Being blessed with enough natural talent to fulfill your aspirations as a professional musician is an extremely fortunate opportunity. Not everyone has the chance to live out his or her dream of making music as a career. So when artists come to that first realization of, "Wow, my passion is becoming my nine-to-five life," containing one's excitement about what the future holds is nearly impossible.
As a result, when artists begin to make initial progress in their careers, they tend to be trigger happy as new opportunities are presented to them. Despite this positive, enthusiastic mindset, it's essential for artists to learn to be selective with their decisions and only move forward with ventures that have their big-picture goals in mind. It may be difficult to pass up on certain deals after spending years working to reach a level where offers come your way, but showing restraint will ultimately benefit you and your artistic initiatives in the long run.
As artists rise within their local scene, it's important to never lose that pure feeling of gratefulness for being able to simply create music for a living. But from a business perspective, implementing a strategy of saying yes to everything is bound to stunt your overall growth. Once a larger audience recognizes your talents, promoters will want to start booking you for countless shows, and other artists will send over collaboration ideas every day. While this may be a good problem to have (keep your email inbox organized!), only a handful of these offers will be truly legitimate and advantageous for you to pursue. But when eager artists jump at every opportunity thrown their way, it's inevitable that they'll sell themselves short at one point and agree to responsibilities that end up devaluing their artistic brand/reputation. Knowing when to sign on the dotted line and when to say, "Thanks, but no thanks" is an art form within itself.
Reference this handy mini-checklist to help put your artistic business possibilities in perspective.
Working with other talented artists on your musical wavelength can be a great thing. Exposing yourself to new sounds and a different fanbase can only aid you as a growing musician. However, you'll undoubtedly be asked to work with other artists who are just simply not as good as you. These offers may come from friends or close acquaintances, but you're not in the business of doing favors. It may sound harsh, but with a worldwide audience having the ability to research every collaboration you've ever done, it's vital to ensure that you work with musicians of a similar pedigree and, most importantly, ones who inspire you to be the best you can be.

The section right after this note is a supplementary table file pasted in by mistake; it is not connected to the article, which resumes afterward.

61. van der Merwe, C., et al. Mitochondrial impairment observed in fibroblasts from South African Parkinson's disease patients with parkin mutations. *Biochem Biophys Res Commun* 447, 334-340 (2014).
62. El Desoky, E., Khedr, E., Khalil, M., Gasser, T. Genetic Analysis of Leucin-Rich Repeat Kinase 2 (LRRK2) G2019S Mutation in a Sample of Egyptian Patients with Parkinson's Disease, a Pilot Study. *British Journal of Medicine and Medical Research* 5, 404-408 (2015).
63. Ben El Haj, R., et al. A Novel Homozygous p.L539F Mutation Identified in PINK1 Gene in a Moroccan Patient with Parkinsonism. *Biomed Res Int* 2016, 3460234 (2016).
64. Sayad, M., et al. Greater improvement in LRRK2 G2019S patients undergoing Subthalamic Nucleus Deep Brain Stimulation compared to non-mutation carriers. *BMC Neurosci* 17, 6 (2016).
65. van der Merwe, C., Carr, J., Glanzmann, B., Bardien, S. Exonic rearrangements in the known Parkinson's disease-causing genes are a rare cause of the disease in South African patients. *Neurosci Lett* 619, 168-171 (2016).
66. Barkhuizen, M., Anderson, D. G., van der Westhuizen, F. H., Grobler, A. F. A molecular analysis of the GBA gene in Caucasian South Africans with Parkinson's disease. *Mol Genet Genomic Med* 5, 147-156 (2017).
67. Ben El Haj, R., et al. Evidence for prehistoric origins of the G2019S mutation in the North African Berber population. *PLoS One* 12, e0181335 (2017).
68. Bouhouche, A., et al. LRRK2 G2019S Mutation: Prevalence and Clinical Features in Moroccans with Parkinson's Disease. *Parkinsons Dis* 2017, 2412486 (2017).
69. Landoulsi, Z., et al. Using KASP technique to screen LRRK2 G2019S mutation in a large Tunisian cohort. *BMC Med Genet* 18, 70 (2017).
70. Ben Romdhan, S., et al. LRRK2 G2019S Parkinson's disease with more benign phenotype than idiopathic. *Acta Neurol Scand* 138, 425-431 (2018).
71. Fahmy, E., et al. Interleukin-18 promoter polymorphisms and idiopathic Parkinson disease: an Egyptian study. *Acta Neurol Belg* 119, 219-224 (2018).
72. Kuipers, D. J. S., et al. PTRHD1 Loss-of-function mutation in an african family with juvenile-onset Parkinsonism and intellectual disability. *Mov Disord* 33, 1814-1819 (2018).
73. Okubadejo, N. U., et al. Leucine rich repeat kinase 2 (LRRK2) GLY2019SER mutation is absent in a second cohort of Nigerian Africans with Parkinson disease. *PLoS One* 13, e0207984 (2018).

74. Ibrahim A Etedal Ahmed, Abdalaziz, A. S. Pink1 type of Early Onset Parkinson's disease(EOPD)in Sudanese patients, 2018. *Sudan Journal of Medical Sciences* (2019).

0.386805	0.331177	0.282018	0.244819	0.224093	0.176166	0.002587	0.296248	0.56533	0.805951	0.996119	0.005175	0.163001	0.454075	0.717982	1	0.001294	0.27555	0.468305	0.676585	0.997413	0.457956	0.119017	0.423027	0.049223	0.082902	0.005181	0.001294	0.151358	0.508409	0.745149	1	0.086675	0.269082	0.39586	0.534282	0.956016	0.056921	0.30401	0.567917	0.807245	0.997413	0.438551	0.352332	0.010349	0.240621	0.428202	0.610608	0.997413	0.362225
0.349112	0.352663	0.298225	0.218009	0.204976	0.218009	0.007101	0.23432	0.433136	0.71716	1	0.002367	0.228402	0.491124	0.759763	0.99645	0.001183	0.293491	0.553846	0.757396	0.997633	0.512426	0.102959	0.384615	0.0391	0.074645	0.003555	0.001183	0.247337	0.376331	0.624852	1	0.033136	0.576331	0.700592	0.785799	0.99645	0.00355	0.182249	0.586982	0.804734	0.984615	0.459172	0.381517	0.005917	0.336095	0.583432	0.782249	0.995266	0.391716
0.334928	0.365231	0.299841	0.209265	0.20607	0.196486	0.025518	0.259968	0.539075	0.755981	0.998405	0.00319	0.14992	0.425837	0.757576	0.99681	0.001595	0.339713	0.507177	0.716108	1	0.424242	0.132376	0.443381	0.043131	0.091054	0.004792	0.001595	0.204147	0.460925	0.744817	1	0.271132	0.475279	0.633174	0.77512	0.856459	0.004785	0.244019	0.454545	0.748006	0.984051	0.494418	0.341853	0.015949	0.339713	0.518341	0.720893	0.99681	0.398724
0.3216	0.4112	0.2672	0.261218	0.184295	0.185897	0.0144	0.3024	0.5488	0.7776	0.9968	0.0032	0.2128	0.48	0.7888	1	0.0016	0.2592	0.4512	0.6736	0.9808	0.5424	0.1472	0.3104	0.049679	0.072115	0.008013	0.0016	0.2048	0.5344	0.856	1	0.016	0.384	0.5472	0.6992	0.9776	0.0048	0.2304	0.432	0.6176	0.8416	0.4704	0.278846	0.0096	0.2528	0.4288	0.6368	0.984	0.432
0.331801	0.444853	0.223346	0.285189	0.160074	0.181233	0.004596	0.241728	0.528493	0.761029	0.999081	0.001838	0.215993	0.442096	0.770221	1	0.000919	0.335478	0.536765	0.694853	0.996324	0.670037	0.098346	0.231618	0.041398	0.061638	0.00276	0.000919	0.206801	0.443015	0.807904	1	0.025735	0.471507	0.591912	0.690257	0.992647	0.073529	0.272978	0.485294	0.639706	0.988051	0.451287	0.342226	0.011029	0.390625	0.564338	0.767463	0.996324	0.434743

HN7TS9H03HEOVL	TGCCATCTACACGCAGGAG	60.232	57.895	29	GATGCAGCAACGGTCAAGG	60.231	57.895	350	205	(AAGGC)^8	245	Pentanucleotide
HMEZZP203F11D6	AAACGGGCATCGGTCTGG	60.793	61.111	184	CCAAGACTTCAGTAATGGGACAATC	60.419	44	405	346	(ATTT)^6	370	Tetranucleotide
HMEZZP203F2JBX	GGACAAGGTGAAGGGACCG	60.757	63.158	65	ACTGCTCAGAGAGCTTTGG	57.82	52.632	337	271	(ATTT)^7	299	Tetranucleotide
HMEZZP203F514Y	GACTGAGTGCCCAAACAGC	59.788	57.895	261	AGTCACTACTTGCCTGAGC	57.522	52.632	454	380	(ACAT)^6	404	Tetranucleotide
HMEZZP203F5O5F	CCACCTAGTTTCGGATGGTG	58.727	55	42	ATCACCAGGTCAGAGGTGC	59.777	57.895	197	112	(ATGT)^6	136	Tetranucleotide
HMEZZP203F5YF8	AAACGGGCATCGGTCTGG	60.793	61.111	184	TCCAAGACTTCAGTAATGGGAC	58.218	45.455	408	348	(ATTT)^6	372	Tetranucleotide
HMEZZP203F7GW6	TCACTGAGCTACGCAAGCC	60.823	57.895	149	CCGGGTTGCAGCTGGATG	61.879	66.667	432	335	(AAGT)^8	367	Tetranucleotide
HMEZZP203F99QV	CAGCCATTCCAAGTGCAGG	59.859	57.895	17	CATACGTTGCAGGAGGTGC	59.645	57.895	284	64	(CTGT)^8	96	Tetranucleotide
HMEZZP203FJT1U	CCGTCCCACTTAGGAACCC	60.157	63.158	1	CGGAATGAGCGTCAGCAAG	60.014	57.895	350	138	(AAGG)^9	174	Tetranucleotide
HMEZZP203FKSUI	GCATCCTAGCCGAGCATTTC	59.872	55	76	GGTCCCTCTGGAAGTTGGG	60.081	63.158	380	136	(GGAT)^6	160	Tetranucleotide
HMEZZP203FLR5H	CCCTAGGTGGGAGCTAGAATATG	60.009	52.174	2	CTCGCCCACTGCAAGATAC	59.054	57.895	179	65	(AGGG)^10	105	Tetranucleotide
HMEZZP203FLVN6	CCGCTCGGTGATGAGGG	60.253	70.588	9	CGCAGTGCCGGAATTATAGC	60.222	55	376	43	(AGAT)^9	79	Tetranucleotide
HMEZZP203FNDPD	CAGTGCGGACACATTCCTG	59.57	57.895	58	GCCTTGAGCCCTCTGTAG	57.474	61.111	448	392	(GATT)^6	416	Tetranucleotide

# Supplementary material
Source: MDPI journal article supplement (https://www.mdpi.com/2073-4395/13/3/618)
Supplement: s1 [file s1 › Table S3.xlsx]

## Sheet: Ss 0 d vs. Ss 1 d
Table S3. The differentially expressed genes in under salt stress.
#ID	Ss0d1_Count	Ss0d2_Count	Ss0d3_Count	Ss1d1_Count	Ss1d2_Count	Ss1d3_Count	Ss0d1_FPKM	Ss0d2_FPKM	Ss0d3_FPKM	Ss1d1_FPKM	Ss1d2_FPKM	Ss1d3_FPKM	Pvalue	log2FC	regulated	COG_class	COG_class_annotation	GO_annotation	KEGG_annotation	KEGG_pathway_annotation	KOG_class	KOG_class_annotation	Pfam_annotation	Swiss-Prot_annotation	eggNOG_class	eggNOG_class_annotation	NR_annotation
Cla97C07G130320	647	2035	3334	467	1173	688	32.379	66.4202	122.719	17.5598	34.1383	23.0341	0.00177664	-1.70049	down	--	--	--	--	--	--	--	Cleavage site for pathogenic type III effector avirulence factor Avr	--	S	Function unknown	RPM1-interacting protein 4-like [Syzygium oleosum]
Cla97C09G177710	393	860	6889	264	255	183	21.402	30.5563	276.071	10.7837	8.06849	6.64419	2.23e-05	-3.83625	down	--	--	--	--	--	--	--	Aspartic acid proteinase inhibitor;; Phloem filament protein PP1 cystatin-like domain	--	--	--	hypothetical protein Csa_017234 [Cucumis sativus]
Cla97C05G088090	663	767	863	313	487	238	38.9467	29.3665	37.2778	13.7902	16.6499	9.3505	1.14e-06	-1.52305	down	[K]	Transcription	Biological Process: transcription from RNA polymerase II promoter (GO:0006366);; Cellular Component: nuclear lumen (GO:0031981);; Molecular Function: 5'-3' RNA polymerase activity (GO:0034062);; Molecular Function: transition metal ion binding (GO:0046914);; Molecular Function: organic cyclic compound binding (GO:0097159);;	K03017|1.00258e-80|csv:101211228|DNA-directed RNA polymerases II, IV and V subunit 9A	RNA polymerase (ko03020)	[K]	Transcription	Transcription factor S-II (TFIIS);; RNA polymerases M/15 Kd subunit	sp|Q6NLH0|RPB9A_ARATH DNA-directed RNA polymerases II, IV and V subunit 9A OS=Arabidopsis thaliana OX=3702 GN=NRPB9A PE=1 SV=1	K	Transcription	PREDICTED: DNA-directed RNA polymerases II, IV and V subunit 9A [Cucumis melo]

Promoters always have show slots to fill, especially in non-major music markets where qualified talent is not in abundance. When you're first starting out as an indie artist, performing at multiple venues and getting comfortable onstage is a wise move. But as time goes on, you'll need to become picky about when and where you choose to perform. Rather than play multiple shows a week, be selective and pick one that will create a distinct buzz for your fans to think, "I need to see them tonight!" And if you're presented with set times that have lesser qualified artists performing after you, don't be afraid to tell a promoter where you deserve to be placed on the bill. Live shows are vital to your income, so don't become that snobbish artist that everyone hates. But when it comes to time to plan out a tour or live performance schedule, only pursue offers from respected platforms that will showcase your talents in the best light.
Building your team
As you come into your own in the indie world, gathering a passionate, trustworthy management team is a must. But despite the need for intelligent and business-savvy people around you, these are relationships that should happen organically. You'll hear promises of, "I can get your video this many views," or "I can get your song this many plays," but those number-driven guarantees are usually a facade. Someone who's able to deceptively maneuver their way around music platforms does not qualify to be your manager, because those methods will only mislead you into thinking that you have more fans than you actually have. Find professionals who are experts in the areas of marketing, social media, PR, and content creation who share your genuine love for music. If you build with them and not every SoundCloud hacker that comes across your newsfeed, you'll reap the rewards in the long run.
If you're mindful of these examples when deciding on business opportunities, your music career will head in the right direction. Be honest and realistic with yourself when evaluating your status within the local music scene. Doing so will help you gauge the aforementioned opportunities with a non-biased viewpoint and should lead you into making smart decisions. The last thing you want as an indie artist is for your career to stay stagnant and not match the rising quality of your music. If you're picky with your opportunities, yet are simultaneously open to working with growing, well-respected artists and movements, you'll experience progress in both areas!
Eric Bernsen is a marketing/public relations professional and music journalist who specializes in the genre of hip-hop. You can find more of his work at HITPmusic.com (where he is an editor/writer) as well as HipHop-N-More.com, where he contributes album reviews. Follow Eric on Twitter @ebernsen.